We Call Them “Nest Boxes”

Steve Whiteby Steve White
Weirs Times Contributing Writer

If you hope to attract nesting birds, early spring is the time to make your nest boxes available for your feathered friends. The term “bird houses” is not an accurate description of these important boxes. Birds do no live in houses. They do not have different rooms for unique functions such as dining, sleeping or entertainment. In fact, due to its design with only one hole, a nest box can be an unfortunate trap for birds as predators block the single means of escape.
Nest boxes are used for a single purpose, to raise newly hatched wild birds during nest-building and egg-laying. Once the hatchlings have fledged, the nest box will remain empty until the next nest building stage begins. Some species have two or three broods each year, ending this activity before the autumn season arrives.
Depending on where you live, there are only 8-10 wild bird species that will use nest boxes. Chickadees, titmice, nuthatches, swallows, bluebirds, woodpeckers and sparrows are the most common backyard birds that will readily use our nest boxes. Multi-hole complexes are conducive for the purple martin families. Each species requires distinctive measurements and hole sizes for successful broods.
Have you ever witnessed a bird as it attempts to enter a nest box hole? It will grasp onto the edge of the hole and go only part of the way in. The prospective tenant keeps putting its head and shoulders in and out numerous times. It is measuring the hole for a specific size. A chickadee requires the hole to be exactly 1 ¼” in diameter. A wren needs a hole that measures 1”. Purple martin uses a 2 ½” hole.
As you can see, if you hope to attract a specific bird, you need predetermined entrance holes. The reason is for the safety of the baby birds. Large birds, such as blue jays and starlings, will aggressively go after newborns in nest boxes. All birds that use nest boxes measure the holes with their shoulders to determine if they can just barely enter and exit safely, yet not allow larger predators to enter. If the hole is too small, the parents may injure themselves each time they enter. If the hole is too large, the babies are at risk from dangerous predators. It’s that simple.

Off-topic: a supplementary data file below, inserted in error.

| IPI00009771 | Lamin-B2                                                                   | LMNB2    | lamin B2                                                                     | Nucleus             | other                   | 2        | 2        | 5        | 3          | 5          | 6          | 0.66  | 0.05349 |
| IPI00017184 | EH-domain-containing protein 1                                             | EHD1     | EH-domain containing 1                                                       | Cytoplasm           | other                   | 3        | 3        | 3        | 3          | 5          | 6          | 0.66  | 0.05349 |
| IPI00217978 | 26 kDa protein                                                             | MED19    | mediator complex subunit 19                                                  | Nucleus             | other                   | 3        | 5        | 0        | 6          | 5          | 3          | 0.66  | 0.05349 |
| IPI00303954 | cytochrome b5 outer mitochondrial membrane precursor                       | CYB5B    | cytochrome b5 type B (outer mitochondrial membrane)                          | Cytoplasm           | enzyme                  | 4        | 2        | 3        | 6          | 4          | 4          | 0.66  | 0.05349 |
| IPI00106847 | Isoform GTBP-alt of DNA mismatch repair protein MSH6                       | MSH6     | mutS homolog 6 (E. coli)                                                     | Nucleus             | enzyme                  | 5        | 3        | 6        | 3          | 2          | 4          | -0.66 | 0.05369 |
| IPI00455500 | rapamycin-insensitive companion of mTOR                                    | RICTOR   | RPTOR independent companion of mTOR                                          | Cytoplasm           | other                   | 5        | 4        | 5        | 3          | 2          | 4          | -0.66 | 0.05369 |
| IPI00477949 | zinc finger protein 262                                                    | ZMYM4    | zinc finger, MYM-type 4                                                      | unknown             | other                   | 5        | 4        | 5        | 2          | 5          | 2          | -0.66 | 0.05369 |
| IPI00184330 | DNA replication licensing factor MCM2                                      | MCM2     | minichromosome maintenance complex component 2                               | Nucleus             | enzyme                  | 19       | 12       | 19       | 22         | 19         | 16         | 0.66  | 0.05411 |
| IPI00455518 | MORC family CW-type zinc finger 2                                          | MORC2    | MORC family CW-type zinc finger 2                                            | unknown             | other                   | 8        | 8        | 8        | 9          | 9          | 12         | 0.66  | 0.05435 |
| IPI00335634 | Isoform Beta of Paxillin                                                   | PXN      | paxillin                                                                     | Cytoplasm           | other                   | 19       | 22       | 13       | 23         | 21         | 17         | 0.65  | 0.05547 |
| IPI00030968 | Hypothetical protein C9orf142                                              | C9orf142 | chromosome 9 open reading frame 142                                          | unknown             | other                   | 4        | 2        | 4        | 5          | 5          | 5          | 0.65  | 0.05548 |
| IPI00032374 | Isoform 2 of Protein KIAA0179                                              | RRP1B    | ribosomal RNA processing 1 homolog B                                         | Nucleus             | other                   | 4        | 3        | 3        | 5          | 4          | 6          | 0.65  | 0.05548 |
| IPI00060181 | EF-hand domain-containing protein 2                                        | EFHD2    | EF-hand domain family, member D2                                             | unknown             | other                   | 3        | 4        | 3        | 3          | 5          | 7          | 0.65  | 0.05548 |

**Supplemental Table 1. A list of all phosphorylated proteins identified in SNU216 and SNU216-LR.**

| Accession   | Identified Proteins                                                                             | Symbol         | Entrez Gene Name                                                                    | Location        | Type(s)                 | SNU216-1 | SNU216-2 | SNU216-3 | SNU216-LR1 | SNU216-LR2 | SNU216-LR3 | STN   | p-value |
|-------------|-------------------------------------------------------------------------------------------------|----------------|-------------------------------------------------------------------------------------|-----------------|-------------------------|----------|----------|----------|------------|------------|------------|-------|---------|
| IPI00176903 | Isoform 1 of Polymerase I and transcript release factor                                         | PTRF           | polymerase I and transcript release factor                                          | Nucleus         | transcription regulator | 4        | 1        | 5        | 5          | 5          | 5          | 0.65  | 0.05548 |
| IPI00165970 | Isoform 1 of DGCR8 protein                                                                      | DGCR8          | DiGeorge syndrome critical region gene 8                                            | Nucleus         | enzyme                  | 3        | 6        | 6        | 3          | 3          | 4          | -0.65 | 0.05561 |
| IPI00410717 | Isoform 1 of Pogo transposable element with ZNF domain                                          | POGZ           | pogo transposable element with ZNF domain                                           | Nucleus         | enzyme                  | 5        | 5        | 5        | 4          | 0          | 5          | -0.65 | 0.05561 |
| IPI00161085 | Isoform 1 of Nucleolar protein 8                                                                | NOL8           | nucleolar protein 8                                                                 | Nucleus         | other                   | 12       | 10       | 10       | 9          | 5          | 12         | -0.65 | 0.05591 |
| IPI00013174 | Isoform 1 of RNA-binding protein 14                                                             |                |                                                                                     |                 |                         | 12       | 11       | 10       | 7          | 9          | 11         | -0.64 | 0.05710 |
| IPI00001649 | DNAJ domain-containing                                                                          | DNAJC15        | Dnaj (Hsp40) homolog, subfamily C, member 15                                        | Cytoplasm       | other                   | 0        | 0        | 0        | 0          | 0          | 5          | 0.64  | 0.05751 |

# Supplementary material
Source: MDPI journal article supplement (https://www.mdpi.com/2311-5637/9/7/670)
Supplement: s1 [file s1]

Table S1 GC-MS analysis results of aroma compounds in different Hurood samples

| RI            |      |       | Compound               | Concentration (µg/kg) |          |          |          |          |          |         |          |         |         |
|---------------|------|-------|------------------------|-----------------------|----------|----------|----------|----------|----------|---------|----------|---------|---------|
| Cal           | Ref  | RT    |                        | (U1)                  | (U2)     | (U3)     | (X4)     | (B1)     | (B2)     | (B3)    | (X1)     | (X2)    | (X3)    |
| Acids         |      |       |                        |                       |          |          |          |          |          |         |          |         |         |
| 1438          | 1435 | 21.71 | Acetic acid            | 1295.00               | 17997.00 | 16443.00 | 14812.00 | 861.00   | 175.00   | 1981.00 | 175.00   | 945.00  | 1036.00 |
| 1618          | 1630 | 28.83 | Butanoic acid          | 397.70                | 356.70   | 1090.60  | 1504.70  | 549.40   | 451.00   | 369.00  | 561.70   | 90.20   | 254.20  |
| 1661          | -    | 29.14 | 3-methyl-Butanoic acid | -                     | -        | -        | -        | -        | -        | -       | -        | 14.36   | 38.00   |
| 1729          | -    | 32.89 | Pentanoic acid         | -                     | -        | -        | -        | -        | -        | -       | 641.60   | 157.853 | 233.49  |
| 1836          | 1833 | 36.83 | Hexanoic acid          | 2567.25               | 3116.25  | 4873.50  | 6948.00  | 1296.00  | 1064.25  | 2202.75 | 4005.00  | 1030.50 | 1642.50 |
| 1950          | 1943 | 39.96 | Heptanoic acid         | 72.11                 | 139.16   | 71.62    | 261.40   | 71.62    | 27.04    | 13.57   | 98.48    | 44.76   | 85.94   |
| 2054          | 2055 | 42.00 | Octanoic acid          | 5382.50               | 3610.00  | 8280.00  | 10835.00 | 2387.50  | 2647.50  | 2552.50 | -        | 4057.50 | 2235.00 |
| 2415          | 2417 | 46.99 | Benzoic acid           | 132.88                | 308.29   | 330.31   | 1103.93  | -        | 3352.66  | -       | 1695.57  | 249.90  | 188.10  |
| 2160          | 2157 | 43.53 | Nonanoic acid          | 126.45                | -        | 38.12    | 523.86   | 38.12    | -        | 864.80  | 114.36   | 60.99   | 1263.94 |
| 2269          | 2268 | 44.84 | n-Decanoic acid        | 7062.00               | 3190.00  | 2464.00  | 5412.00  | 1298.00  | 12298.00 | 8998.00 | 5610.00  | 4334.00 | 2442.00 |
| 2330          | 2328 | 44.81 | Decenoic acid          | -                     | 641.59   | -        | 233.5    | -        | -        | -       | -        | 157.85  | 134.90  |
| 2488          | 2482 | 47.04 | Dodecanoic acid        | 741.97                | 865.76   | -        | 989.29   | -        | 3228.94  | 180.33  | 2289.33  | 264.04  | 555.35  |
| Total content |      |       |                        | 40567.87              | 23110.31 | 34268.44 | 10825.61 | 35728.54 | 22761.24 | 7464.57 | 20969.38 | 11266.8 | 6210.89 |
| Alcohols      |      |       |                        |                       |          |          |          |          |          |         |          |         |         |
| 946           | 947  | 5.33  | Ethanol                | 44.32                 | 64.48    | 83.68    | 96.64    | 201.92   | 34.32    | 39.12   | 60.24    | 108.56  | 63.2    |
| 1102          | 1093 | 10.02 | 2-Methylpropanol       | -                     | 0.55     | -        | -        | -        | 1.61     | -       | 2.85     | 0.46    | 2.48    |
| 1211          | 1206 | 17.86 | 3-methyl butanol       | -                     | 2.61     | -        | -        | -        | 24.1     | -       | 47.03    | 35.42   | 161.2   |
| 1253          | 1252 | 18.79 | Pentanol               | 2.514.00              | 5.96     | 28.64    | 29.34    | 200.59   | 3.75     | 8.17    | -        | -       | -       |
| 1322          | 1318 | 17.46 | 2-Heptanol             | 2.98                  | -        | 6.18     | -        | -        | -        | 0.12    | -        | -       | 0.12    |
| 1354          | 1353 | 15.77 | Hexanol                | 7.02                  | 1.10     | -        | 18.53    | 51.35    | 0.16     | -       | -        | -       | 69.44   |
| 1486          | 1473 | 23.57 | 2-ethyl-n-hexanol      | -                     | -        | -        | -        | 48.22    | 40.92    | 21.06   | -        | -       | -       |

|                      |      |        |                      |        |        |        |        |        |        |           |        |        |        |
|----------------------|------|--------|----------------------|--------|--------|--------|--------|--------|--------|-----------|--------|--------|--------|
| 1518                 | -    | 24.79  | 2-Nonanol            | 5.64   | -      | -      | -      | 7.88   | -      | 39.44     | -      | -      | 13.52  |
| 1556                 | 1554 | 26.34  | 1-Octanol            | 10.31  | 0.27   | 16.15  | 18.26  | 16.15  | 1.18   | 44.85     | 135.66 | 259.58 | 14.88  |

The smallest hole in nest boxes should be 1”. The wren families find a comfort level in this diameter entrance. Wrens are a small bird and prefer nest boxes that hang and sway in the wind, versus stationary boxes affixed to trees or posts.
The depth and size of the entire nest box will also have to conform to each specific bird species. Some birds build large, deep nests that will require a nest box that is at least 12” tall. Other birds can use boxes that are only 8” tall due to the simplicity of their nests.
Just as each human family has very specific needs for their homes, wild birds have requirements as well. Be sure to do your research before you purchase or build your nest box for your backyard birds. They will be glad you did!
Enjoy your birds.

Wild Bird Depot is located on Rt 11 in Gilford, NH.  Steve White is a contributing author in major publications, a guest lecturer at major conventions in Atlanta and St. Louis as well as the host of WEZS 1350AM radio show “Bird Calls” with Lakes Region Newsday @ 8:30AM.  Wild Bird Depot has donated over $5,000 to local rehabilitators and local nature centers since 1996. Be sure to check out our blog “Bird Droppings” via our website www.wildbirddepot.com.  Like us on Facebook for great contests and prizes.